Report: LNG terminals in Louisiana, around the globe face growing competition from renewables

Cameron LNG (Courtesy Total)

A new report from the nonprofit Global Energy Monitor paints a troubling picture of LNG as it faces growing competition from renewables.

Citing Tellurian’s proposed Driftwood LNG project in Calcasieu Parish as “a stark example of the roller coaster confronting U.S. developers,” GEM’s study, entitled Nervous Money, notes that 21 export terminals totaling 265 MTPA of capacity continue to report FID or other serious delays amid an uncertain market. Those terminals represent 38% of the 700 MTPA of export capacity under development worldwide.

In January 2020, Tellurian’s stock was selling for $8.69 per share, but plunged by 92% to $0.70 cents per share in September, earning the company a delisting notice from Nasdaq. Two months later, CEO Meg Gentle left the company. In an April 2021 research note, Morgan Stanley estimated that Tellurian had only enough cash to fund another four to six months of expenses. Chairman Charif Souki went on YouTube to denounce short sellers seeing blood in the water.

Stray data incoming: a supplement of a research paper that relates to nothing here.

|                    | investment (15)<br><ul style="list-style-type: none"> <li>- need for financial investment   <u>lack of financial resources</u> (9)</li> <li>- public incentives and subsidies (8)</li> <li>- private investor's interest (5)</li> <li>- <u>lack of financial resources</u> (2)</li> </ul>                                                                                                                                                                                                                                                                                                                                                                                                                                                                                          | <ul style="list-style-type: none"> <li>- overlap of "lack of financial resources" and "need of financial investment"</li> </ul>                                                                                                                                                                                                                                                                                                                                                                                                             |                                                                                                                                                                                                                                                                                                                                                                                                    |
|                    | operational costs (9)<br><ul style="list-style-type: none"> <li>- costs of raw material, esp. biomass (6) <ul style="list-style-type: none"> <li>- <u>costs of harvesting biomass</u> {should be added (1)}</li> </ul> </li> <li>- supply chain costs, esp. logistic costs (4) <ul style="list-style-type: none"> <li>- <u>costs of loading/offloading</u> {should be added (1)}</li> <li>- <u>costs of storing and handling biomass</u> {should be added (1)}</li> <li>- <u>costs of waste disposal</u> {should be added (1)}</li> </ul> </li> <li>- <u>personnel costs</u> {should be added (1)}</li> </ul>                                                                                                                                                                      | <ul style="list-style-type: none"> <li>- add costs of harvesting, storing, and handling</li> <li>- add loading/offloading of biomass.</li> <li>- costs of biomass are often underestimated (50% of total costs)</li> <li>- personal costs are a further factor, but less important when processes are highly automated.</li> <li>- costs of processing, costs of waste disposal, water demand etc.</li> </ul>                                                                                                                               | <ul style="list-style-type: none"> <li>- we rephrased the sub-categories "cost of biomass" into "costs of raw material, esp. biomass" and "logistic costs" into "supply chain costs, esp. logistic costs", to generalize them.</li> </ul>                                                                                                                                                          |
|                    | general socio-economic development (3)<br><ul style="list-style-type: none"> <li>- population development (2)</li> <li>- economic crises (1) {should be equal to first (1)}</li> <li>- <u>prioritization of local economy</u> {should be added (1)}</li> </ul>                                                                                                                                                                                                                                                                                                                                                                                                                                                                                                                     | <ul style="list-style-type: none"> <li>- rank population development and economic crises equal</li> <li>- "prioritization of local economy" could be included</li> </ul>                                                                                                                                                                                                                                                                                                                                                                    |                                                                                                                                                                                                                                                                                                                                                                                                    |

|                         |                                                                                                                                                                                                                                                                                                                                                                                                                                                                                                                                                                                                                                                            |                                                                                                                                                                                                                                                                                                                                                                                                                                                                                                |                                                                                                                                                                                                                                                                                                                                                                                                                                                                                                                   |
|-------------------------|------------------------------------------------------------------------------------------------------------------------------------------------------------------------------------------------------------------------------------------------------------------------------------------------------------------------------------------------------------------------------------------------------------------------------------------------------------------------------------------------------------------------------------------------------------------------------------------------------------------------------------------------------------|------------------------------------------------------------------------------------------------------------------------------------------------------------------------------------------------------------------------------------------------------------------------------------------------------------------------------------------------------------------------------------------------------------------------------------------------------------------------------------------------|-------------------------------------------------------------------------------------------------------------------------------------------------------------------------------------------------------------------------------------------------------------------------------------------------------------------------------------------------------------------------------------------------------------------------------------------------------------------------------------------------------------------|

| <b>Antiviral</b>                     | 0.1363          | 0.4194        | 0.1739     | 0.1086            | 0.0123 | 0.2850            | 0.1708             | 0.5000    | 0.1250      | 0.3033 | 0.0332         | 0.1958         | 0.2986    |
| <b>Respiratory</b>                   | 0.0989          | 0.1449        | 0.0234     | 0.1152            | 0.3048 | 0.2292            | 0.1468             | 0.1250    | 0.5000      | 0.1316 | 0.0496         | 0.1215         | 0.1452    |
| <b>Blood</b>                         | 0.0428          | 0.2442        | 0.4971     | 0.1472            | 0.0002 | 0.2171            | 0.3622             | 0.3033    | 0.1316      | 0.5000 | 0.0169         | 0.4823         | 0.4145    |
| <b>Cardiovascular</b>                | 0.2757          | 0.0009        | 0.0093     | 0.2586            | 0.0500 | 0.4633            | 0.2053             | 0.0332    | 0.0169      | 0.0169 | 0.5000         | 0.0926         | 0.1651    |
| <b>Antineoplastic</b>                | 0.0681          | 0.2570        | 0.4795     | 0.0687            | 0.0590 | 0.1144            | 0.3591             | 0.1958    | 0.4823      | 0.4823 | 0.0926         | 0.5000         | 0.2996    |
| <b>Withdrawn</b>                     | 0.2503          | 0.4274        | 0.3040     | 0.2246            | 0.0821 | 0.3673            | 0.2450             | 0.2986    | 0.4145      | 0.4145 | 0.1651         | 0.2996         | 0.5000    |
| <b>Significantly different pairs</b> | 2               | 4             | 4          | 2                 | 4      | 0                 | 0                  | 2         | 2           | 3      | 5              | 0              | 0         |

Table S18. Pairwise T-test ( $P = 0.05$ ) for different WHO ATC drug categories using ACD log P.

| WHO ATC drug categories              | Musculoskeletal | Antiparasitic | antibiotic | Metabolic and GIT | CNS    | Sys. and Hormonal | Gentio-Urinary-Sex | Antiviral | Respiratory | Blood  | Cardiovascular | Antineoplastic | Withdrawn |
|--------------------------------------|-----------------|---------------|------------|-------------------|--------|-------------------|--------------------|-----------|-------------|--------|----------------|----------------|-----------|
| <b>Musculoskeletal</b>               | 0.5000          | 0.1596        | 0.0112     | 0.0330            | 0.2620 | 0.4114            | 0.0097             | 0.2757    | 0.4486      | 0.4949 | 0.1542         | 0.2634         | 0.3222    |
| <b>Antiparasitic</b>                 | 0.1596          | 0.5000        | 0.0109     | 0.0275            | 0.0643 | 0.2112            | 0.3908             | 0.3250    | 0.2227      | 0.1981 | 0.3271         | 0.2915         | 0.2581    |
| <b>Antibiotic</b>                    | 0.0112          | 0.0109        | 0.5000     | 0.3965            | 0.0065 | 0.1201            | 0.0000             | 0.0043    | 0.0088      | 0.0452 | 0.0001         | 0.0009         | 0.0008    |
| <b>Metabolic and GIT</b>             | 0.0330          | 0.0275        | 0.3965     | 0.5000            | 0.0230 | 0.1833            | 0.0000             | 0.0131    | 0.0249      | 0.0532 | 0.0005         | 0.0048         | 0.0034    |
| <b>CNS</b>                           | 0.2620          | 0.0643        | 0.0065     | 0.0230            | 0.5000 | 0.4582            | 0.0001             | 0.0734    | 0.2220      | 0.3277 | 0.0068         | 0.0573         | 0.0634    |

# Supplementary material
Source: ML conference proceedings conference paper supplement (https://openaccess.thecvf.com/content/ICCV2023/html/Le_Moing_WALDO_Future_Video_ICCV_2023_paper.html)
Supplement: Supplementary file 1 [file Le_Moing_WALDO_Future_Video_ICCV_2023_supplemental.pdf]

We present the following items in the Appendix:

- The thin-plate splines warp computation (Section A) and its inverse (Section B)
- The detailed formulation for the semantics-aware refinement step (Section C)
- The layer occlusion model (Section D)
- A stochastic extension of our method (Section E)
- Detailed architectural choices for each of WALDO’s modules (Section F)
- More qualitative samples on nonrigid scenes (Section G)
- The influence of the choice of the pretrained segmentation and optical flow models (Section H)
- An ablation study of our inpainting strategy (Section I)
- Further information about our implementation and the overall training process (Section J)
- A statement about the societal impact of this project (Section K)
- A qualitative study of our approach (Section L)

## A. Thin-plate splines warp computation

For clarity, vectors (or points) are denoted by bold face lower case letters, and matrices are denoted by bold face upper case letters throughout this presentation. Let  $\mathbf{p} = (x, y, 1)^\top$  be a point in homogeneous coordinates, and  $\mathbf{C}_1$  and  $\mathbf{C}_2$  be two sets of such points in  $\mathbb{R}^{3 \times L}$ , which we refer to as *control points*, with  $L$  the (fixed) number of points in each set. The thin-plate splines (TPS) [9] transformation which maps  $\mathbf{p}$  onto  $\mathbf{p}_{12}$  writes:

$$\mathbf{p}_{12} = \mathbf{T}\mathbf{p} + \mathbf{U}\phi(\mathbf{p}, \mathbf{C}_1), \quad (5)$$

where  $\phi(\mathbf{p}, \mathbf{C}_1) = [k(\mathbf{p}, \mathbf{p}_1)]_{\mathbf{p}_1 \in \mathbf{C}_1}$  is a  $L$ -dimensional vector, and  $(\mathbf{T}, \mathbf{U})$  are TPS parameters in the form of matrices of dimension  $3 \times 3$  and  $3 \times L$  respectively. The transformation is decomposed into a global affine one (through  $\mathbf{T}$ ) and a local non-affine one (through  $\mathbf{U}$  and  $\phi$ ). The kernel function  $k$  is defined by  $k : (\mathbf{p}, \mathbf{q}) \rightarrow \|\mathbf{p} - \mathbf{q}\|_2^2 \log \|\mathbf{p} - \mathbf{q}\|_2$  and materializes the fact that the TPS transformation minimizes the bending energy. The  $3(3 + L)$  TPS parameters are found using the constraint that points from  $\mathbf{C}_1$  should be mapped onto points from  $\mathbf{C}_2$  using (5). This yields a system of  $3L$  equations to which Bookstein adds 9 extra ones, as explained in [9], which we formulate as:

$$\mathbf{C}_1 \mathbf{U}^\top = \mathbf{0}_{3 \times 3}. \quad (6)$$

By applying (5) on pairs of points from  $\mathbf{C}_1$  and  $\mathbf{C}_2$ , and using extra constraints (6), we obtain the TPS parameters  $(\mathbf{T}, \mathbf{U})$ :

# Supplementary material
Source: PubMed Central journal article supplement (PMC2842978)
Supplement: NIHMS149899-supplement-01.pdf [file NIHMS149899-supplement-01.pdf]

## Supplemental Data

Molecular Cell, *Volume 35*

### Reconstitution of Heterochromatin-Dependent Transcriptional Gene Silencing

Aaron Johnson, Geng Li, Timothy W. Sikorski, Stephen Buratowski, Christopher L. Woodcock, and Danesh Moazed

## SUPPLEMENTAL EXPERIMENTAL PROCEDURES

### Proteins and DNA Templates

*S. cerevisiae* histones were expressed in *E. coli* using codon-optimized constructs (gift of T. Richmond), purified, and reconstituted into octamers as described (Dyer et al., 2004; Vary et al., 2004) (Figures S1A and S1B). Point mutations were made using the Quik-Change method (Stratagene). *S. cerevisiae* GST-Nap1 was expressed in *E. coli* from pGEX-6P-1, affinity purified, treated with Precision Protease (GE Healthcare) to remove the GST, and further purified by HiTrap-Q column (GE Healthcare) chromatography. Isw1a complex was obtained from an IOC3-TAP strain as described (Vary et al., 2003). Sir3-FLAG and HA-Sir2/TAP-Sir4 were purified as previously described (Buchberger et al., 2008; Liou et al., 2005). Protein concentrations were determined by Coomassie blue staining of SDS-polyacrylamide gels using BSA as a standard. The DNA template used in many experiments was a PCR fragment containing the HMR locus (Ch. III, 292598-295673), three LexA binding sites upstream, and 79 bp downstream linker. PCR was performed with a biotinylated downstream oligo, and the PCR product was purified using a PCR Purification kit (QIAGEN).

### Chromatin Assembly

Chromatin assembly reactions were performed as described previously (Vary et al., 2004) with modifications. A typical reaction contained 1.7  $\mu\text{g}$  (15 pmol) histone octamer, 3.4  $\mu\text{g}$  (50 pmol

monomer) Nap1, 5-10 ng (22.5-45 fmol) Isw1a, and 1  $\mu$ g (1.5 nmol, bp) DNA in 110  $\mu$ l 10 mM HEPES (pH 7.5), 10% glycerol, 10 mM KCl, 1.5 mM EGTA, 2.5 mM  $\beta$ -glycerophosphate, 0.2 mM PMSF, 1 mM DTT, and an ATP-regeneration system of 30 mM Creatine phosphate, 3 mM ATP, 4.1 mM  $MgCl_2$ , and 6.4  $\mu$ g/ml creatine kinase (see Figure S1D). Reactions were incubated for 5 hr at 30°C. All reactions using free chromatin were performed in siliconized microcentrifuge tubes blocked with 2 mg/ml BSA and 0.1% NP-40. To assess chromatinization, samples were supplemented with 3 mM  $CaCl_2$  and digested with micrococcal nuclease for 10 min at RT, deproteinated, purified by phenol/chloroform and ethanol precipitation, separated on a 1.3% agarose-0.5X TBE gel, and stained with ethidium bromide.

Some relief for Tellurian arrived in May and June, with commitments by Vitol and Gunvor to both enter into 10-year, 3 MPTA purchasing deals. But according to industry analyst Clark Williams-Derry, the terms of the agreements were shorter than typical and that liquefaction fees were not guaranteed.

Once regarded as a potential climate solution, LNG is increasingly regarded as a climate problem, according to the report—particularly for European buyers. According to the IEA, inter-regional LNG trade would need to decline rapidly after 2025 under a 2050 net zero
scenario. Additionally, GEM predicts aggressive expansion of capacity in low-production-cost Qatar and the Russian Arctic has increased risks to higher cost U.S. LNG export developers.

However, LNG advocates tell Natural Gas Intelligence the fuel will be essential in the energy transition. A spokesperson for the Center for LNG noted that global demand is expected to grow in part because of the emissions reductions when switched with coal.

“The U.S. LNG industry is striving to create a clean energy future for all, and the partnership natural gas and renewables have is vital now and in the future for reducing emissions,” a spokesperson for the Center for LNG tells the publication. “LNG plays a vital role in ensuring stable baseload power and allowing renewables to grow further in power mixes across the globe. … As the world strives for a clean energy future, natural gas and LNG will be vital partners.”

GEM, which tracks energy projects around the world, receives funding from organizations including the Rockefeller Family Fund, the Sierra Club Foundation, and the Sustainable Markets Initiative.

Download the full report.